Check out 'Lord Have Mercy'...that's the business!! Can't wait for his 'Only God Can Judge Me' album because I know he is going to come with the business...that original and new G Funk!

  • respect

    g-funk pioneer - hutch. dre is the innovator. quik is the next one, and warren g is good... but credit is due to hutch.

  • Divided Souls

    I'm probably ATL's biggest fans...I put many niggas on Living Like Hustler's back in 89/90 in South Baton Rouge,La.. But being a producer myself, digging in the crates, 187um played himself when he didn't clear up the comment the interviewer asked about the Murder Rap beat: DX: And you played those synths yourself? Big Hutch: Yeah. DX: Those synths proved to be the start of a musical revolution. Big Hutch: And that’s what I’m talkin’ about. [Laughs] See that's a complete whole sample from a Quincy Jones album. No keyboards played by Hutch at all. No need to lie homie...The one's thats reading this interview are thorough old school hiphop gangsta Heads who know what time it is....still CLassic Album though. Another thing, why everyone from Hutch to Daz, and others try to minimize Dre? Funny that when he leaves the scene their shit doesn't bump the same.....Think about that...

  • knile

    Hutch if u make, g-funk songs on both, u get my paper from across the atlantic that's for sure!!!

  • Bump

    Believe it fossie.When he step his game up [again], then he'll get my $.Ain't nuthin' U can type dat will make me feel different.I'ma be 40 & I've watched tha whole shit.He ain't bringin' dat heat, datz dat.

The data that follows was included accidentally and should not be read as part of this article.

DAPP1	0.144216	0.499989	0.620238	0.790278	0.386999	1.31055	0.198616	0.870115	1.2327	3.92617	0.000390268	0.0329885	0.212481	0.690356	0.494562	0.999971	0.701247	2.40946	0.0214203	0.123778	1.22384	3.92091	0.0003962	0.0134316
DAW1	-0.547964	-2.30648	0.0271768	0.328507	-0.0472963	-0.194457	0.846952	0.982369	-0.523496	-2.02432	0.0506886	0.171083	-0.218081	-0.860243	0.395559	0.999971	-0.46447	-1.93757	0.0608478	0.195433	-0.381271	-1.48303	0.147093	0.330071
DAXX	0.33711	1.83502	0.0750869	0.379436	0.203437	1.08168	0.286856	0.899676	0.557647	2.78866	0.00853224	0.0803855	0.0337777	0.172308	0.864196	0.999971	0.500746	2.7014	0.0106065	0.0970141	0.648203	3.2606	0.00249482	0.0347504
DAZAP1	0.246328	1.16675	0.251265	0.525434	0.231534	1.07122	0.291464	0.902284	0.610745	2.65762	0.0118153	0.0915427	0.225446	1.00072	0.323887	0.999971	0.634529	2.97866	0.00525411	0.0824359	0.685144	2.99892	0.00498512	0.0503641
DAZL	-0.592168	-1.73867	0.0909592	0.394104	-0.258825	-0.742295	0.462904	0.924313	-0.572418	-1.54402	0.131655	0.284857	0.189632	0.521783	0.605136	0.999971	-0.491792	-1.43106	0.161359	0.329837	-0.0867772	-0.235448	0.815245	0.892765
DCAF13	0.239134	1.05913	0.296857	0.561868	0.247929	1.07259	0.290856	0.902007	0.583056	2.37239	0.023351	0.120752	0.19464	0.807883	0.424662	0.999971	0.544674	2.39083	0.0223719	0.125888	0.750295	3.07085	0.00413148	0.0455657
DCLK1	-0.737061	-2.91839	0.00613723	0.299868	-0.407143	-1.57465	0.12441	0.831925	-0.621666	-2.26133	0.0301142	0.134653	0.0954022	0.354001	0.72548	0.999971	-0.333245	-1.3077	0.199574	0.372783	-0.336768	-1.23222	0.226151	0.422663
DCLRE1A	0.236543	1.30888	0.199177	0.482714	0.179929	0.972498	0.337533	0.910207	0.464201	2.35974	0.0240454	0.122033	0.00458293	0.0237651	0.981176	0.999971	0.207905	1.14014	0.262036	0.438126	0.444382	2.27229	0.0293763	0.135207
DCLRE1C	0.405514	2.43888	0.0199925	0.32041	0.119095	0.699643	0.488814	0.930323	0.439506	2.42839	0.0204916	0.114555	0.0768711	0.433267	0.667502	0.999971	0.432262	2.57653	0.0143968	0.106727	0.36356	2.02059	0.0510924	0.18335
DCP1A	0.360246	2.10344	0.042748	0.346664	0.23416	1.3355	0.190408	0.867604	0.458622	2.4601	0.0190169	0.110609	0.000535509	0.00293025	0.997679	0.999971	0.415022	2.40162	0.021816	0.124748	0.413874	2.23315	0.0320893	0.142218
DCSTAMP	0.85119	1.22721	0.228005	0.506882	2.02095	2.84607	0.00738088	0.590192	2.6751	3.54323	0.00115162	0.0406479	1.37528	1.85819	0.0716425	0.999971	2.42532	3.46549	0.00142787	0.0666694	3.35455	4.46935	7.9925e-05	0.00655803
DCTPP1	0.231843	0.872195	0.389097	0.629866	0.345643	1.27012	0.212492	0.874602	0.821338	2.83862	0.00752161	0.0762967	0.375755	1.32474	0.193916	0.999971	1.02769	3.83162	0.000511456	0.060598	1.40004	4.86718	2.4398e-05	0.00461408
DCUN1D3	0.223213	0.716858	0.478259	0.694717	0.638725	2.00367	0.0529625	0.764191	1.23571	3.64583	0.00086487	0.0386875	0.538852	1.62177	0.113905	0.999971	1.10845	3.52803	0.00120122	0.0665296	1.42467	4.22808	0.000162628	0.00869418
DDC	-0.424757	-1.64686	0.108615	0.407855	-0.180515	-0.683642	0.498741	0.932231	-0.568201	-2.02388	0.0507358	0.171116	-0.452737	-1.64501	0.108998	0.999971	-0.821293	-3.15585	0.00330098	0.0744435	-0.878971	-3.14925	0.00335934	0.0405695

• Fossie

    Dammn you fools dissing a legend!!Fuck all ya disrespecting haterz !!I couldnt believe it to read this bullshit!!!

  • gee dee folk

    listen real talk err body, cold 187 coined the slang "ballin" and alot of other trends.the music they created back in the day was some sampled beats but they were so ahead of their time see u have to understand what these guys did first and foremost,know the name of the group okay and their names, cold 187 aka willie hutch(yall know who dat is?)d.j. go mack, total kaos, namtalkin bout? u slo.they were a partner w/ e-z and ruthless records its fine to have ur own opinion bout him but this nigga is certified gangsta and will beat yo ass in a heartbeat talkin that pussy shyt txtin applies 2 an asskickin 2. and hell naw he aint salty w/ dr dre! thats his manzinem namean? they have almost the same style when it comes 2 making beats how cud he hate?

  • insanemacbeth

    cannot lie...good read, though.

  • insanemacbeth

    i have seen this a few times, that HUTCH has said, that he's the father of G-FUNK. the way i see it is this: if he was the first to be fukken with the OHIO PLAYERS "FUNKY WORM" sample...then in a way, then he is the father of G-FUNK. however, if you listen to N.W.A.'s "NIGGAZ4LIFE" album, DRE was fukken with live synths, got COLIN WOLFE from PARLIAMENT to play bass, etc. we ALL know that DRE is really the VISIONARY. even in the interview, HUTCH mentions the word 'sonics'. who's the king of sonics/ mixdowns? it's DR. DRE. so at the end of the day, really, it's a lot of things that make you the architect. the sounds you mess with, AND the vision of what you're going to do with the tracks...are what makes you the father. in conclusion, DR. DRE: "THE CHRONIC" is the introduction of G-FUNK, really...which really was just the '90s version, of GEORGE CLINTON's P-FUNK era.